Notwithstanding the fact that the current difficulties in the Irish economy and the Irish banking system are to a large extent due to excessive credit creation in the economy in the period up to 2007, an adequate supply of credit is a vital ingredient for economic and commercial activity.
In any functioning system there are savers whose income is greater than their expenditure, and there are borrowers whose expenditure is greater than their income.
The role of the banking system is first and foremost to intermediate between savers and borrowers and ensure that credit flows to those who want to borrow. Unfortunately since 2008 the banking system has become totally dysfunctional and is not fulfilling its role as an intermediary between savers and borrowers. In fact the Irish economy is currently being subjected to one of the biggest credit squeezes that any developed economy has ever experienced.
The fact is that it is impossible to talk about or envisage economic recovery in Ireland until we get adequate credit flowing in the system. The banking industry consistently claims it is open for business and cites evidence of the low level of credit application rejections to support its case.
I am constantly told stories by individuals and businesses who are being refused credit or who are having their credit conditions reviewed. It also appears that following a discussion with the bank manager to sound out the likelihood of having a loan approved, many are discouraged from doing so and consequently do not appear in the statistics for loan applications rejected.
Granted, in a recession every borrowing proposition is more risky by definition, but the banks have gone from a situation where they clearly had no understanding of risk, to a situation where they are utterly risk averse.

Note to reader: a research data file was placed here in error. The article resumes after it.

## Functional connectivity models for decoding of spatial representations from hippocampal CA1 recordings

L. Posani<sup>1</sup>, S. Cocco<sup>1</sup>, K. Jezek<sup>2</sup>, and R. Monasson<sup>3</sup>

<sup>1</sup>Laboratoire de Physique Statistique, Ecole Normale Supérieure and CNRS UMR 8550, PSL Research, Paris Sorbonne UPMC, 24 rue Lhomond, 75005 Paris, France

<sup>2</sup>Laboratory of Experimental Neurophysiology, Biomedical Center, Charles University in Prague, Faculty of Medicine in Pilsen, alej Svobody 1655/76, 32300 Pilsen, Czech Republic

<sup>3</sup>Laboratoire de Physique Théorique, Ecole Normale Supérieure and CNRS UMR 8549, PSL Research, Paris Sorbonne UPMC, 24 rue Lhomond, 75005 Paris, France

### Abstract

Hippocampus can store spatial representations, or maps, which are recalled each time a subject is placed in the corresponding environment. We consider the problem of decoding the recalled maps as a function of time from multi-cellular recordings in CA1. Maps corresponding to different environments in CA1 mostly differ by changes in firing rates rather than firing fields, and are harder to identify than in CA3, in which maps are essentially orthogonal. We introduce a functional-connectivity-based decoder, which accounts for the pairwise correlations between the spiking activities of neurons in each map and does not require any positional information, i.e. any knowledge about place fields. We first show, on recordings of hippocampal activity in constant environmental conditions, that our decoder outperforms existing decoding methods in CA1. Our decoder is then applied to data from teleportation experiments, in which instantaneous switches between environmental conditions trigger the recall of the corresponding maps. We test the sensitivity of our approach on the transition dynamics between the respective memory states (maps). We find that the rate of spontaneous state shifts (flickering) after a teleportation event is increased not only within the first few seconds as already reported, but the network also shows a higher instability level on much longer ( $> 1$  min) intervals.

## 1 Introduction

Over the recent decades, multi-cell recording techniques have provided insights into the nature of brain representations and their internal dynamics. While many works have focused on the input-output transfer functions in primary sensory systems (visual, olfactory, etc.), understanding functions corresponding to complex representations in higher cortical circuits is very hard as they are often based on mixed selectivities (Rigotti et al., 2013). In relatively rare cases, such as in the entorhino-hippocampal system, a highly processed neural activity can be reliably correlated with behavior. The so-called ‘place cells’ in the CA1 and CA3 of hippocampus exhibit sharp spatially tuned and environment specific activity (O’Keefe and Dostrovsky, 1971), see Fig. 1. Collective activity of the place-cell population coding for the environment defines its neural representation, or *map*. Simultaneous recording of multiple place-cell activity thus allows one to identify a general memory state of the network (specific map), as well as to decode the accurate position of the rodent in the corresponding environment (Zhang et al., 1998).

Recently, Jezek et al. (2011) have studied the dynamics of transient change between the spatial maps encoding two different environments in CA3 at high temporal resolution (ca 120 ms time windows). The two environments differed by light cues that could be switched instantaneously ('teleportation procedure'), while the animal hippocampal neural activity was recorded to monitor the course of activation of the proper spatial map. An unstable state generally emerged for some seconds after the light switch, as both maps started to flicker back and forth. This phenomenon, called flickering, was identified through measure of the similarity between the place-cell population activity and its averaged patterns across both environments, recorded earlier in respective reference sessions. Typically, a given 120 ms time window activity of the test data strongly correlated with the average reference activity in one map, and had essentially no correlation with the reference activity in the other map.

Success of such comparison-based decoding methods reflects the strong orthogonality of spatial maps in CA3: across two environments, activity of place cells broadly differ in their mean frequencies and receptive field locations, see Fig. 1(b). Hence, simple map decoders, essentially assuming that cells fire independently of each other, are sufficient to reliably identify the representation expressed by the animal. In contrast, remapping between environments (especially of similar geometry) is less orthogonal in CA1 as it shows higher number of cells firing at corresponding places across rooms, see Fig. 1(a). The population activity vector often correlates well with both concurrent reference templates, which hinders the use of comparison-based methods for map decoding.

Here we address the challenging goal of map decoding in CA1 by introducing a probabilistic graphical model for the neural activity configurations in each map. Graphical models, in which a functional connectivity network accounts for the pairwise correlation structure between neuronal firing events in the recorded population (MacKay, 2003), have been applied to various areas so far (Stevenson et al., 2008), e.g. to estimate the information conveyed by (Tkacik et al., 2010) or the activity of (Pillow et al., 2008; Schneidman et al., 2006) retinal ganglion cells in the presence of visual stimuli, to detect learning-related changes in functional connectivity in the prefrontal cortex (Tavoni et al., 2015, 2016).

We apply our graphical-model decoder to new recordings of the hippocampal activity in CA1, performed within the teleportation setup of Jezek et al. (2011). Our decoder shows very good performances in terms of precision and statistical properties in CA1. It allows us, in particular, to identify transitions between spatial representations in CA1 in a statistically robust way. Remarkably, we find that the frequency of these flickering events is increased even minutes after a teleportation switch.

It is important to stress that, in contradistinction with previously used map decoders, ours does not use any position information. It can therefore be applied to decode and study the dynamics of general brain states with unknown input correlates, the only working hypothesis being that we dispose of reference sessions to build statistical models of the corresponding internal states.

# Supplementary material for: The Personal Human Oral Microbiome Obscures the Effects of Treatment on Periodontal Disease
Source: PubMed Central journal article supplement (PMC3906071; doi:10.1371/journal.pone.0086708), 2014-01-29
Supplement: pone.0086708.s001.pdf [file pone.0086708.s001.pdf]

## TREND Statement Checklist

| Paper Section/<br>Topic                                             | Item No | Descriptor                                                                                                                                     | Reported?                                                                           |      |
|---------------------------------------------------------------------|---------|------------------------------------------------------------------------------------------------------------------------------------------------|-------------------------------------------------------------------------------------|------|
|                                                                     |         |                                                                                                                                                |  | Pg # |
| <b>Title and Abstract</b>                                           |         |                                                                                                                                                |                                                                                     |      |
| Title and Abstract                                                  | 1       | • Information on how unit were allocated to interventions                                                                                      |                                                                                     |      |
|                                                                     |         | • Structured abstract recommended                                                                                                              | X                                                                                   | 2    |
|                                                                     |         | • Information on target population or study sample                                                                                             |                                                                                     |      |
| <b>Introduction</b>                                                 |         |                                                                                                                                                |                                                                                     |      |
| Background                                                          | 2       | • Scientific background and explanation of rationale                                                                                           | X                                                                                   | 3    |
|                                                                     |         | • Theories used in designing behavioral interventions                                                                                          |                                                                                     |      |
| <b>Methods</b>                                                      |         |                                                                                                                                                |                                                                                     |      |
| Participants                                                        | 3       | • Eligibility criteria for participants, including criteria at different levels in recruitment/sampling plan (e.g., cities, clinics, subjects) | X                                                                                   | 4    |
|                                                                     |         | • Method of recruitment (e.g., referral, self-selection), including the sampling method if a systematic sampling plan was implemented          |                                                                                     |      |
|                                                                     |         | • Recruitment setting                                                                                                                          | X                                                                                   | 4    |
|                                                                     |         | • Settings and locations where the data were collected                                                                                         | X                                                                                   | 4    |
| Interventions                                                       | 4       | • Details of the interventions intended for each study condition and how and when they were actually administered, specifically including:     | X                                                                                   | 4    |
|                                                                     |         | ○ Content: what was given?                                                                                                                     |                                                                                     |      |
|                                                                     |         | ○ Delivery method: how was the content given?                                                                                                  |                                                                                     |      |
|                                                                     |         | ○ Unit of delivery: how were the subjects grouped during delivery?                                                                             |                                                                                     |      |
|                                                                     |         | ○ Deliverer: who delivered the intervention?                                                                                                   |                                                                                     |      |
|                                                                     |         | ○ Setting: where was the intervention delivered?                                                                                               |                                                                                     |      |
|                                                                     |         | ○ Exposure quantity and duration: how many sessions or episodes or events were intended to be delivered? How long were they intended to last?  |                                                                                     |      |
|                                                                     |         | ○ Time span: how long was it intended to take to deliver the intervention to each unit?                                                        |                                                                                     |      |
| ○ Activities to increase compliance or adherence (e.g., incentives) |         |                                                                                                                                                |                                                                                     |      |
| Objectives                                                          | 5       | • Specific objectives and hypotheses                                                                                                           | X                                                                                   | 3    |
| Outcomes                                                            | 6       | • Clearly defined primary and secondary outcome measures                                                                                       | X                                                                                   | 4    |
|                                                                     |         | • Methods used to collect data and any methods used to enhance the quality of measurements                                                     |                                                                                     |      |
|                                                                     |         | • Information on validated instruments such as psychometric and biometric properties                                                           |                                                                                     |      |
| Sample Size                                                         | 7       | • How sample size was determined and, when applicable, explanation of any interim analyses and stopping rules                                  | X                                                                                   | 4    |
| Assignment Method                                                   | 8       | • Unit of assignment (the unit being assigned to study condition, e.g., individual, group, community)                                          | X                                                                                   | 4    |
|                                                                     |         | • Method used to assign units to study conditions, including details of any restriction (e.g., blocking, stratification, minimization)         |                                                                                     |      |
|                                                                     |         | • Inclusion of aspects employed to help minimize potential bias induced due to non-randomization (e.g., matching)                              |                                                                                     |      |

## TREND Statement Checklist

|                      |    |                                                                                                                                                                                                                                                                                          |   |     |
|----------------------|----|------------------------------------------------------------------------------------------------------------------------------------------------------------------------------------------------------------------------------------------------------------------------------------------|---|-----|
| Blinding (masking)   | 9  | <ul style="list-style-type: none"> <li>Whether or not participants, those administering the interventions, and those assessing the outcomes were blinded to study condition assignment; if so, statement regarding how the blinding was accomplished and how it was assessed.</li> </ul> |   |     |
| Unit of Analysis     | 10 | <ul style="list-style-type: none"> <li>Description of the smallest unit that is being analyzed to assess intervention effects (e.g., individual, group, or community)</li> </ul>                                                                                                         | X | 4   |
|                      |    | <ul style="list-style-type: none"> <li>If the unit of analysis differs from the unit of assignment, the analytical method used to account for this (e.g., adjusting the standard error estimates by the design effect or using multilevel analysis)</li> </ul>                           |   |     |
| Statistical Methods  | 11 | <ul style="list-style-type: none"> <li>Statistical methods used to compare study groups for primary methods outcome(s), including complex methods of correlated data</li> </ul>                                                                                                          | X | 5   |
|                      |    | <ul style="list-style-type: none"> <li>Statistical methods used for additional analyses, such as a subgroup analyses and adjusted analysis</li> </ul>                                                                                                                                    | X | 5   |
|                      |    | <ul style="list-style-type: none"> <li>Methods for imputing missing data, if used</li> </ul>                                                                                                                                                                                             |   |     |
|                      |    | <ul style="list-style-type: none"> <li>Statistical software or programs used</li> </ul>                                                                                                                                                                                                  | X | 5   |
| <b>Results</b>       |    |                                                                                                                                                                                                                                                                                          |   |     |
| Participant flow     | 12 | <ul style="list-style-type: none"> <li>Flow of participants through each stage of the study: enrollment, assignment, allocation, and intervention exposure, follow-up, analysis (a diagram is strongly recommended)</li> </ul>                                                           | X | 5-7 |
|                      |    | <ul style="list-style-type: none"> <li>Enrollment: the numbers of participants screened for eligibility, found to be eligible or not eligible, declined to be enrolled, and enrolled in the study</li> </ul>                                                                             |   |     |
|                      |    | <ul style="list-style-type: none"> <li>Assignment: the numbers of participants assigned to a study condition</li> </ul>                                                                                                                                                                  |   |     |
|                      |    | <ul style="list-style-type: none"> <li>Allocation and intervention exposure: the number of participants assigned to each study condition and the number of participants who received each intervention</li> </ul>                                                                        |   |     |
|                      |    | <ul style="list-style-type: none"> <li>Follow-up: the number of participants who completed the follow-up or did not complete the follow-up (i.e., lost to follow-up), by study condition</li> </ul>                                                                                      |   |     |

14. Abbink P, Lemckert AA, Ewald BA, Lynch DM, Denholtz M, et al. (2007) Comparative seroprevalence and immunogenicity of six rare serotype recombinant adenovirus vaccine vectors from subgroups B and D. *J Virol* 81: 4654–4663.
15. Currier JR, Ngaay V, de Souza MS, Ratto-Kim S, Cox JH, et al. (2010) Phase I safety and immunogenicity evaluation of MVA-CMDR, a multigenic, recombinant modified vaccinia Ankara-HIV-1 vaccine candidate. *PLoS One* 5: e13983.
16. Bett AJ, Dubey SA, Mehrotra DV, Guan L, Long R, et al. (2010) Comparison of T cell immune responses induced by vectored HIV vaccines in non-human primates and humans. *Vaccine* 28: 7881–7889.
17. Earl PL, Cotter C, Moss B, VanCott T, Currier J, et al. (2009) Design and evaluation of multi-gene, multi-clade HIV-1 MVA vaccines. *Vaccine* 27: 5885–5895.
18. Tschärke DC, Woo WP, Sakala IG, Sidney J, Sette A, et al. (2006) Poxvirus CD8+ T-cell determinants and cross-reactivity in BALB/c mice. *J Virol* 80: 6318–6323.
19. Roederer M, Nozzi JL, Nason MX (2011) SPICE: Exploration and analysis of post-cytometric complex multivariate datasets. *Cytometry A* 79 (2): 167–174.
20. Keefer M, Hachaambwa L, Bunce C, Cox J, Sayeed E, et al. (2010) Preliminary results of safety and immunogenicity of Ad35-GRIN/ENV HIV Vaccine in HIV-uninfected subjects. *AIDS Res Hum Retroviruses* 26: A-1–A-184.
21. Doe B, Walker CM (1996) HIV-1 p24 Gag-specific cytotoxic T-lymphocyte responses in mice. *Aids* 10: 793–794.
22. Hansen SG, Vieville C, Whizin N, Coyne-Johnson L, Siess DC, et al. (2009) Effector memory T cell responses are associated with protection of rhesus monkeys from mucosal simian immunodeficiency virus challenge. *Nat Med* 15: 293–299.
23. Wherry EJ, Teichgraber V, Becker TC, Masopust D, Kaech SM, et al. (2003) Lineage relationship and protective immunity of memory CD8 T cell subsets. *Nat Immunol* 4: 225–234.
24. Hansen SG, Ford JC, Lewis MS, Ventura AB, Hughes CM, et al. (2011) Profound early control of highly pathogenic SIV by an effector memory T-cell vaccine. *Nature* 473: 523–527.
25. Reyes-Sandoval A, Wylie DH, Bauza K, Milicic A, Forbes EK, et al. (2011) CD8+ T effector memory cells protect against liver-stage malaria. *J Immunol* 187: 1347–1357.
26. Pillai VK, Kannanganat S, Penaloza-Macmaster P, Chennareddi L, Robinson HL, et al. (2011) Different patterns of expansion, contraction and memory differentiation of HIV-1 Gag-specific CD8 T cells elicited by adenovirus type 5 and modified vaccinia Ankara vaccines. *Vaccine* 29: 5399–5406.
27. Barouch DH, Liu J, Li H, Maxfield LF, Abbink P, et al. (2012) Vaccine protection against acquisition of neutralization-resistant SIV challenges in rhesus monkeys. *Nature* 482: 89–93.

There are some exceptions — it is clear that credit has been flowing relatively freely to some farmers, particularly those engaged in milk production. Dairy farmers are being facilitated to ramp up production potential in advance of the abolition of milk quotas. I would have concerns that the banks could get carried away with this policy. Banks have a long tradition of creating dangerous bubbles in farming. Farmers should beware of bankers bearing gifts.
Notwithstanding a few exceptions, however, credit is very scarce and this is acting as serious impediment to job creation and economic recovery. This week two economists from the Central Bank of Ireland produced a report on credit conditions in Ireland. Their findings put paid to the lies bankers are propagating about being open for business as normal.
The picture painted by the two economists was based on the European Commission and ECB Survey of Access to Finance of Small and Medium Enterprises (SAFE) and the Mazars lending demand survey. Their key conclusions are pretty stark — rejection rates for SME loan and overdraft applications in Ireland are the second highest in the euro area, behind Greece; changes in terms and conditions of bank credit in Ireland are amongst the least favourable in the euro area; and Ireland has the second highest share of discouraged borrowers in the euro area.
The banking industry has, not surprisingly, reacted quite angrily and aggressively to this research. One spokesperson even went as far as to cast doubt on the objectivity and integrity of the authors of the report. Such a suggestion directed at independent economists in the Central Bank is absurd and should be taken for what it is — a cheap shot.
It is high times the banks come clean in an honest fashion and admit just how dysfunctional they are at the moment. Until that fact is established, we have little hope of moving forward.
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